an exact copy but uses basic chemistry to create a complementary copy of the antisense strand, ergo an exact copy of the sense strand.

Tjian concentrates not on the chemical events themselves, but rather on how the RNA polymerase somehow knows where to go to begin and then where to end the transcript. The basic terrain he is exploring—the proteins called transcription factors—has signposts like promoter and enhancer regions, and introns and extrons, to guide this search for the "where" of transcription. The roles these regions play are largely unknown, and they offer a rich terra incognita for the molecular biologist and biochemist with a pioneering curiosity. As Tjian put it, "RNA polymerase is rather promiscuous" and not capable of discriminating discrete parts of the genome. It is the transcription factors that "seem to be designed to recognize very subtle differences in the DNA sequence of the template and can easily discriminate a real piece of information from junk. Their resolving power is very high," he said. Used as probes, they allow geneticists to home in on a piece of DNA as small as 6 to 8 nucleotides in length.

Drawing Lessons from Simpler Organisms

As Arnold Berk put it: "What are the punctuation marks?" Berk has done some important work on this question by probing a much simpler genome in a particular species of virus called adenovirus type 2, one of the 100 or so viruses that give humans colds. This diversity of known cold viruses allows Berk to deduce that "this is why you get a cold every year." Since a single exposure is sufficient to create a permanent immunity to its effect, it is comparatively safe to work with it in the laboratory. As compared to the 3 billion base pairs in the human genome, the adenovirus has only about 36,000. The logical inference is that—even though the virus does not have to perform differential calculus or ponder the philosophical and scientific implications of chaos theory—it has a more efficient genome. That is, there is a smaller proportion of junk or extra (that is, unidentified as to its clear function) DNA in the viral genome. "It grows well in the laboratory, it is convenient to work with," and its transcription behavior should be comparatively lucid.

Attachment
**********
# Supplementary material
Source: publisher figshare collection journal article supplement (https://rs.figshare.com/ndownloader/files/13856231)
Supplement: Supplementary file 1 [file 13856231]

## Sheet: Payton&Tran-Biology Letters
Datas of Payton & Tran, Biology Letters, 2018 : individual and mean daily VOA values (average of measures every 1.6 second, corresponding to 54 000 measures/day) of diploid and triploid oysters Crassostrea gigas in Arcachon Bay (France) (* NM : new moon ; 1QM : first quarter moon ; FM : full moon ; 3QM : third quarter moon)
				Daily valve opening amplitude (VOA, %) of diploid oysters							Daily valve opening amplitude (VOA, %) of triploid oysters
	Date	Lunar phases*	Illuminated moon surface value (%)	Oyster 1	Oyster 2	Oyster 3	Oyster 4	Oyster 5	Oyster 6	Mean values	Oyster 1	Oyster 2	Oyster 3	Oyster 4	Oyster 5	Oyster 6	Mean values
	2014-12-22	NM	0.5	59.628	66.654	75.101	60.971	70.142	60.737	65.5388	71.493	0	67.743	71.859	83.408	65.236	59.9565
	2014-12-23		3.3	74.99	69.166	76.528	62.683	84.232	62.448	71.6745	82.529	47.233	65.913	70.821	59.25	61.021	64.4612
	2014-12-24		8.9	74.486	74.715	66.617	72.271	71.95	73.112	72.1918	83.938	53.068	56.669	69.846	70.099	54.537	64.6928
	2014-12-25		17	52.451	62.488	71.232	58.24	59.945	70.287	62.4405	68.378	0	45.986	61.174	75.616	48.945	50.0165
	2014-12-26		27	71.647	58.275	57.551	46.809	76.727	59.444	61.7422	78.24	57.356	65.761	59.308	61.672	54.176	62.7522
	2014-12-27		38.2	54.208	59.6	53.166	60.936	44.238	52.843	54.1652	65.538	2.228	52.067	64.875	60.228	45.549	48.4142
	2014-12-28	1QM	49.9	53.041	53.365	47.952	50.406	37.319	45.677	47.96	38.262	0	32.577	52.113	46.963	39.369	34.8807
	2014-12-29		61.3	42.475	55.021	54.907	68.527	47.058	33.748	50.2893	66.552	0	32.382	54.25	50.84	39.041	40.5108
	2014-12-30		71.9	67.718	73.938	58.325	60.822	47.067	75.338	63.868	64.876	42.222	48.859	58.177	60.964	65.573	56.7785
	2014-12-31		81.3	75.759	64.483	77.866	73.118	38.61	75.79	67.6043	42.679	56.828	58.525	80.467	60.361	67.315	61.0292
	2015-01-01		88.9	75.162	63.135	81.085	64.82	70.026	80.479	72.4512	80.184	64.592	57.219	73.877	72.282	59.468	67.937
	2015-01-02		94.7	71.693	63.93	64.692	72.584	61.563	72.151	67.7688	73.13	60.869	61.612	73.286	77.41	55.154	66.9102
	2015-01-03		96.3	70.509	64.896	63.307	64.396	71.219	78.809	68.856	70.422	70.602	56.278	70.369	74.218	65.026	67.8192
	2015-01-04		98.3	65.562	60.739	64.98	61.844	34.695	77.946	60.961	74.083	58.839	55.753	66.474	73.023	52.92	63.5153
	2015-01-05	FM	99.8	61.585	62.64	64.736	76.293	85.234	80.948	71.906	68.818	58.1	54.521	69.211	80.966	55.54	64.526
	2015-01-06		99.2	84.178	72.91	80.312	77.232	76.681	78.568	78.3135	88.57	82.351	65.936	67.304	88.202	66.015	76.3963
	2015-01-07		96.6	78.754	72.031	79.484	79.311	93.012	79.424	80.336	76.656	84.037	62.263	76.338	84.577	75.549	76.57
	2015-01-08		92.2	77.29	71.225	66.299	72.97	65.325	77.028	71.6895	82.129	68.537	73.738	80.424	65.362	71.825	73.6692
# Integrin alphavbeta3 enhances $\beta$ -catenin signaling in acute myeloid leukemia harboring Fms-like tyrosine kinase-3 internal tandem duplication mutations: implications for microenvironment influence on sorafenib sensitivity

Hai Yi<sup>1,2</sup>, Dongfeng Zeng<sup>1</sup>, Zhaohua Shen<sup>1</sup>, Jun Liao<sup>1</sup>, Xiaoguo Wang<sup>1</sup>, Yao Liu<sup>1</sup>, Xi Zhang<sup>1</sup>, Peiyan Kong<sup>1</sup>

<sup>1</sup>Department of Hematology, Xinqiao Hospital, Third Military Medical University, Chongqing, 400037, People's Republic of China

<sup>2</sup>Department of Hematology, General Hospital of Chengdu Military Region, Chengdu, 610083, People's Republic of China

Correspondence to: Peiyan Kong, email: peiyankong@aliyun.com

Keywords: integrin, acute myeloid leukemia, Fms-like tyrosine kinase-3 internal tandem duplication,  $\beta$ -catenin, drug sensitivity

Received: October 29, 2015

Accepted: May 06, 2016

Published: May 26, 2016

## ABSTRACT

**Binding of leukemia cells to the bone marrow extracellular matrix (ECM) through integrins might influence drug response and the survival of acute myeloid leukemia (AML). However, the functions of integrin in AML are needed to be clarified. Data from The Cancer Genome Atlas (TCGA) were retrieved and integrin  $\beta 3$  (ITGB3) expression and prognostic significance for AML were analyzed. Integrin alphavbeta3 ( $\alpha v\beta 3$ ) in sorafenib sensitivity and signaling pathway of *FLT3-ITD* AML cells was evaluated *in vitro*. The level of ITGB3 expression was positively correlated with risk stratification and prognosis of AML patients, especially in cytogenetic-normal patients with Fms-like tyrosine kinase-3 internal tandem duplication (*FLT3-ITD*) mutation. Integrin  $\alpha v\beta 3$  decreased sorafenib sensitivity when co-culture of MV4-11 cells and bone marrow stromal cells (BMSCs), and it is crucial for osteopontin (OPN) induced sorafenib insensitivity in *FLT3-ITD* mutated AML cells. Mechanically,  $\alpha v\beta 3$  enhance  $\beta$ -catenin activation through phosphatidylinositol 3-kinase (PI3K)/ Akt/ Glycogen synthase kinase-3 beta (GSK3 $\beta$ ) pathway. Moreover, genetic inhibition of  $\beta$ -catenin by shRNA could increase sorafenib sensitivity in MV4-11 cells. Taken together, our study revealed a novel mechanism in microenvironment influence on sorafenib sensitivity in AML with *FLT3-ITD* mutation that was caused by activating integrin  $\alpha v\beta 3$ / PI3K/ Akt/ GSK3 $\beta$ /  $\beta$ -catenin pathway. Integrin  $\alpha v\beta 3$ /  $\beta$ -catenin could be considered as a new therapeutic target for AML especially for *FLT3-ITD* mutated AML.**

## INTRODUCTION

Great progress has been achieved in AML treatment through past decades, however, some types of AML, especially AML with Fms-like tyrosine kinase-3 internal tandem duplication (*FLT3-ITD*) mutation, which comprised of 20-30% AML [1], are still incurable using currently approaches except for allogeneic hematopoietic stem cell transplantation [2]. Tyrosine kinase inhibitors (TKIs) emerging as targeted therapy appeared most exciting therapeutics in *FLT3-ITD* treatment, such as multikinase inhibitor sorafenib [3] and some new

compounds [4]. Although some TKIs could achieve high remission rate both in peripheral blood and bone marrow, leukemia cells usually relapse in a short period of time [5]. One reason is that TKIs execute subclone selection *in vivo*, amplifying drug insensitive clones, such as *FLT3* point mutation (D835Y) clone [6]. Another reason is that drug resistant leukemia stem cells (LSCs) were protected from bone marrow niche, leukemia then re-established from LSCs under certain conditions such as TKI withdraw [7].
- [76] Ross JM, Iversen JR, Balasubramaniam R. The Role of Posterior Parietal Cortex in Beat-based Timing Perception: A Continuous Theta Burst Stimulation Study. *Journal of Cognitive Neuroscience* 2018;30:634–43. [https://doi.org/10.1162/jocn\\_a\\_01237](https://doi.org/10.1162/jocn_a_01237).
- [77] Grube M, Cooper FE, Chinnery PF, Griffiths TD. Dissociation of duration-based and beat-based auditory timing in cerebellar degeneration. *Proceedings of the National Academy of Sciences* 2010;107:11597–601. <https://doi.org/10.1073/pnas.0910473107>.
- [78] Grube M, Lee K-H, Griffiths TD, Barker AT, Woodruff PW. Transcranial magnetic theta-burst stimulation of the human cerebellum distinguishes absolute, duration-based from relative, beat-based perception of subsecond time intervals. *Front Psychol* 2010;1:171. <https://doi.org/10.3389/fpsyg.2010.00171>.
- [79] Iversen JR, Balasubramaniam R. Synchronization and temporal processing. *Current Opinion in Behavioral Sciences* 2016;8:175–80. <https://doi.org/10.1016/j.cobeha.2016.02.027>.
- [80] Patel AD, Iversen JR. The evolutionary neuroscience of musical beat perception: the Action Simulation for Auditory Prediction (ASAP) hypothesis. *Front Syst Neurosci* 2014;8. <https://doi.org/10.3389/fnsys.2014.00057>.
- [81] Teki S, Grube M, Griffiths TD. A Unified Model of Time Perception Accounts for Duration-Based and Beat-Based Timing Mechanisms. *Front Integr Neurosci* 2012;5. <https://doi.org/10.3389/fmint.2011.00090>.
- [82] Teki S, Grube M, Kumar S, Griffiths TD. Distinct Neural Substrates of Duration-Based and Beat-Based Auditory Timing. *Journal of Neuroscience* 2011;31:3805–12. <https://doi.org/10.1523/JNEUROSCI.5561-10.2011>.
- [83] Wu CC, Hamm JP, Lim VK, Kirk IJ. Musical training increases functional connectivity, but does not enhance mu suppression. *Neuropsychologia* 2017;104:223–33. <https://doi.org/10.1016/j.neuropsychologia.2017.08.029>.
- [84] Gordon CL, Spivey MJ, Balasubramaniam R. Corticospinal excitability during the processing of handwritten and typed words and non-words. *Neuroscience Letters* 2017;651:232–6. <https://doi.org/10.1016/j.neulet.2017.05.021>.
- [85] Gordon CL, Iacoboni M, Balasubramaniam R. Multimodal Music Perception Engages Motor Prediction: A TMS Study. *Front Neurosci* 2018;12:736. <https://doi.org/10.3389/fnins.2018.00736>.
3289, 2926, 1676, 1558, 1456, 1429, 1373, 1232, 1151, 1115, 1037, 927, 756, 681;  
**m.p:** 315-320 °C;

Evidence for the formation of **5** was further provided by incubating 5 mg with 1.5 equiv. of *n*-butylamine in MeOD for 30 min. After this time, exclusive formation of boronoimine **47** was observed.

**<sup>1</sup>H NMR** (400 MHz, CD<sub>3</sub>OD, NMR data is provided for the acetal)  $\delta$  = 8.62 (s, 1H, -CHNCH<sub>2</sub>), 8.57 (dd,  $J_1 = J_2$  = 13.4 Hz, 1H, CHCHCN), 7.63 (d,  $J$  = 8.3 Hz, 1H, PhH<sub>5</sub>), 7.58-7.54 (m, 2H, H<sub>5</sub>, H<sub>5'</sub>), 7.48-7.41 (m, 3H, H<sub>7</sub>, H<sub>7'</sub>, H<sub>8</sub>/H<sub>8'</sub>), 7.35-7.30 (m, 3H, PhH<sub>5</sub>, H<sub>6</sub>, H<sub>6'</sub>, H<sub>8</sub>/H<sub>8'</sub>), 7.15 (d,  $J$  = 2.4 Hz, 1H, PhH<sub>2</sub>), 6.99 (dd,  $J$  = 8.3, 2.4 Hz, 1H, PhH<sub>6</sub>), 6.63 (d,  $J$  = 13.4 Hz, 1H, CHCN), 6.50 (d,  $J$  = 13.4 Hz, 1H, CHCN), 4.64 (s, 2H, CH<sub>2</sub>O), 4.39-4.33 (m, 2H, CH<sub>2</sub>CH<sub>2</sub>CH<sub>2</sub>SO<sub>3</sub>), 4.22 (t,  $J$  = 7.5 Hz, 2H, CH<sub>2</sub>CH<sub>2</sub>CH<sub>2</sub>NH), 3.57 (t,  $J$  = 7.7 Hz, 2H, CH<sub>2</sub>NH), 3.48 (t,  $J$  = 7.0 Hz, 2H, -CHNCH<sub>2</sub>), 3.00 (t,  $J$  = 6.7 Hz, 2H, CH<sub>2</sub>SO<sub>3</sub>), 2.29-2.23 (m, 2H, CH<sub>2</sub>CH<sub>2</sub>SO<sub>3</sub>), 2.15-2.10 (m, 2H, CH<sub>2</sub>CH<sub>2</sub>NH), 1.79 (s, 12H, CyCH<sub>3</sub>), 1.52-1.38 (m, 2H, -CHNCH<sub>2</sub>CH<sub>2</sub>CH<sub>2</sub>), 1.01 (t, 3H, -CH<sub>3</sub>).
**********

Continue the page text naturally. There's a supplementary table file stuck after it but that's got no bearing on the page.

The strategy of the virus, when it manages to get inside a host cell, is to exploit the cell's capacity to transcribe and translate DNA. The DNA of the virus says something like, "Make more of these." Instructions that say "make proteins" are obviously not hard to find, since they are the heart of any DNA code. But since it has been revealed that, in the human and most other genomes, so much other

The National Academies | 500 Fifth St. N.W. | Washington, D.C. 20001
Copyright © National Academy of Sciences. All rights reserved.
Terms of Use and Privacy Statement